Its January 2017 and I’ve dragged two of my most ‘theatre-y’ friends to Thomas Monckton’s Only Bones at Soho Theatre. I think everyone who works in or loves live performance has theatre-y and non-theatre-y friends. There’s the ones who come to you needing recommendations for visiting relatives (A Regent’s Park open -air musical, treat them to a picnic basket and secure that inheritance) or work people they need to woo (anything candlelit at Sam Wanamaker Playhouse). Then there’s those to whom you can say ‘let’s go and see this thing at London International Mime Festival where this cool New Zealand dude spends the first 20 minutes just moving his hands under a desk light’.
Monckton seems to have one weirdly flexible foot in the theatre-y and non-theatre-y camps. Only Bones was a showcase of his uncanny ability to tell a story using only his fingertips and range of expressions that suggest his face is entirely made of putty. It was mesmerising, funny and beautiful and almost impossible to explain it to my very non-theatre-y siblings in the pub. ‘You do like some weird shit Frank, not exactly Mamma Mia is it?’ Well, no – it isn’t. And that’s not a slight on Mamma Mia which is bloody brilliant providing you like ABBA. But it does occupy a different sphere to work that can be more easily quantified, that is more straightforwardly enjoyable. That’s what Monckton’s The Artist, his offering for this year’s Fringe is. It’s not less clever or any how less worthy for its lightness as he works through a series of very funny motifs in trying to create the perfect painting. But maybe it buckles under the weight of my expectations. Having seen what Monckton can do with little more than a spotlight and sonic gestures, perhaps I just wanted more from a production crowded with tricksey props. There’s so much stuff in this show it risks burying its protagonist.
In his 2016 masterclass of clowning The Pianist, Monckton permeated every piece of set and costume with his capacity for surprise. The piano was an extension of his body, working with him to set up perfectly timed, largely silent comedy skits. Think the house falling over Buster Keaton in Steamboat Bill, Jr as opposed to The Chuckle Brothers trying to get a table up the stairs. Again – one is not better than the other, but there is a difference – a innovative mastery, executed with exacting precision (Keaton, not the Chuckles. But feel free to write in and disagree). In The Artist, there are points that show off Monckton’s meticulousness; battling an impeccably timed drip with various receptacles and a cup of tea. And there are points that display his mastery over his body, climbing the rickety shelves of his studio in every way except the one that seems most logical to reach than one particular paintbrush. There even are glimpses of his weird and wonderful ability to create story and empathy out of nothingness. A fruit bowl becoming a whole routine about a bananas only nightclub, narrated in poetic gibberish.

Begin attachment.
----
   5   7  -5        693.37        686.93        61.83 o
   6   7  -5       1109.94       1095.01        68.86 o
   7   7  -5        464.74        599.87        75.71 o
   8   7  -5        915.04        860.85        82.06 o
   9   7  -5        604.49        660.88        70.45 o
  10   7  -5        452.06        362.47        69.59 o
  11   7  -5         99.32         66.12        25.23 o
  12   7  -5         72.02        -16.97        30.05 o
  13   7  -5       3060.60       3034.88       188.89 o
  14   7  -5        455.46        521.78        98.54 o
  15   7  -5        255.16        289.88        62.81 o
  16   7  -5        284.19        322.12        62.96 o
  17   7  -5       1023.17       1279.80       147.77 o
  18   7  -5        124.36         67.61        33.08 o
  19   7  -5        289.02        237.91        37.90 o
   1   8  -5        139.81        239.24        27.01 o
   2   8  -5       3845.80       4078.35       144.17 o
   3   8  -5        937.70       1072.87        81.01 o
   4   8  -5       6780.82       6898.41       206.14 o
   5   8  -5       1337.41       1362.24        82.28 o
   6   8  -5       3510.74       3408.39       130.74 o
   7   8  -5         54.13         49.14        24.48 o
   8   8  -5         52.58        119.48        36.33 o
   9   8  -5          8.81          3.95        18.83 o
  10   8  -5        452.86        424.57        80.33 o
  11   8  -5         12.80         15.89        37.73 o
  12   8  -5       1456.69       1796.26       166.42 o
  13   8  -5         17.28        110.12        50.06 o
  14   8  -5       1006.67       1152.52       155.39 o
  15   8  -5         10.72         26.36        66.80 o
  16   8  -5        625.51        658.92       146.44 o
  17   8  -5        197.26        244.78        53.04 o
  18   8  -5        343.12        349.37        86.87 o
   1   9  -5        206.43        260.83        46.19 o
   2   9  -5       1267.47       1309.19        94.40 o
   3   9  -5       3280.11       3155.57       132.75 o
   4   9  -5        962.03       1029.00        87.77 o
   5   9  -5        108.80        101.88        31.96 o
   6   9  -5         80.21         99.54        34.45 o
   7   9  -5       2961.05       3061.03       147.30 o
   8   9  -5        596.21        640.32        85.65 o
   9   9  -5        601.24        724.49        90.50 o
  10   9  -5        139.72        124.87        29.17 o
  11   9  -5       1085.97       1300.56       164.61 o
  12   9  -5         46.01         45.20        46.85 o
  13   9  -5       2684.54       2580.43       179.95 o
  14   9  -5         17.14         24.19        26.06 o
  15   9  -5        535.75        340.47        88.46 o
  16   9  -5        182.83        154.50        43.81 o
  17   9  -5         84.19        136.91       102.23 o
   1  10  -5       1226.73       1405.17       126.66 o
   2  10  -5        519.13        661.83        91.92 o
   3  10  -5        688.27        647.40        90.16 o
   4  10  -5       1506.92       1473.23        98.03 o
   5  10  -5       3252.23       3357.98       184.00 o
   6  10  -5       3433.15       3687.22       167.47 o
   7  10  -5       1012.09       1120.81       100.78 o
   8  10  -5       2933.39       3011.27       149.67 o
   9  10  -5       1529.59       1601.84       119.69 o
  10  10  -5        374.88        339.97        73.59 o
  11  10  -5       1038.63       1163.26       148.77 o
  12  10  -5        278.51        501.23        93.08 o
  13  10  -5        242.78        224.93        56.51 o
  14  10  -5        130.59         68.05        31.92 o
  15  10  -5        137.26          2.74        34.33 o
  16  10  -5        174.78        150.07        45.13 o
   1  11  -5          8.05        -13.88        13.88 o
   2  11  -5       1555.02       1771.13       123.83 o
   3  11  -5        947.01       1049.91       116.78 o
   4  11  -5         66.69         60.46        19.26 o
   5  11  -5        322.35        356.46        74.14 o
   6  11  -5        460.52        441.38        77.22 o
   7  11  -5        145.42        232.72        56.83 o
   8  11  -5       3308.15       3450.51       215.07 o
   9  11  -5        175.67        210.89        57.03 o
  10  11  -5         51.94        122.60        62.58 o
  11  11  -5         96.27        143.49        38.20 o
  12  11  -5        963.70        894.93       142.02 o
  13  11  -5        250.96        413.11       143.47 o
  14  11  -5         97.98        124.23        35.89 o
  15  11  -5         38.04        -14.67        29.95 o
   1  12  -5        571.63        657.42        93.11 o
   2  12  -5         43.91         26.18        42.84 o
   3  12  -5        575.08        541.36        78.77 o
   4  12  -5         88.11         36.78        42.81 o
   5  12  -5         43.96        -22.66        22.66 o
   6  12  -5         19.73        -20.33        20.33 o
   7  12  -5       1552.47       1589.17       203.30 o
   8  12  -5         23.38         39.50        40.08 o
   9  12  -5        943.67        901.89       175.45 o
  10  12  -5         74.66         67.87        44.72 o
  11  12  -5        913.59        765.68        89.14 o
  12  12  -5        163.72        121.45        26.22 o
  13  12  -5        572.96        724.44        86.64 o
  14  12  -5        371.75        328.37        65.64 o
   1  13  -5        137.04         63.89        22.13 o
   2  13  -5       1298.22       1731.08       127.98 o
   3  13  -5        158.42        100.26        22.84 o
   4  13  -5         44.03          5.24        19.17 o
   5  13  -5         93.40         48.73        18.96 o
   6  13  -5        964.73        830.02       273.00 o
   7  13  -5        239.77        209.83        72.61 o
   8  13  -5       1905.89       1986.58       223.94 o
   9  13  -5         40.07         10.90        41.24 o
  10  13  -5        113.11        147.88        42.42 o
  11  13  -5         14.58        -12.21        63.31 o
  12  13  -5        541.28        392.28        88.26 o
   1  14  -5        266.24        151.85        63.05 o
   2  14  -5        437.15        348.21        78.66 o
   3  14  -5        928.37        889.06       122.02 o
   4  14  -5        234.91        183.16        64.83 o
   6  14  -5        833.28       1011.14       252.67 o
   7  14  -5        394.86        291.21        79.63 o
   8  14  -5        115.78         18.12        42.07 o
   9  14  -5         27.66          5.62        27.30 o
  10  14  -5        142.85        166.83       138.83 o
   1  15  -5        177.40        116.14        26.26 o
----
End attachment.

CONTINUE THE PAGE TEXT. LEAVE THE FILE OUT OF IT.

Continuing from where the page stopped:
Is it unfair to compare a piece of performance, and a very good piece at that, unfavourably to what an artist has done before? If I had seen The Artist without so much anticipation, would I be raving about the best physical theatre I’ve seen since Shunt’s Amato Saltone? Probably, but I can’t expunge what I feel about Monckton and that is that he is indeed one of the very, very best and The Artist is brilliant… and could still be better.
The Artist is on at Assembly Roxy until 27 August 2018. for more information.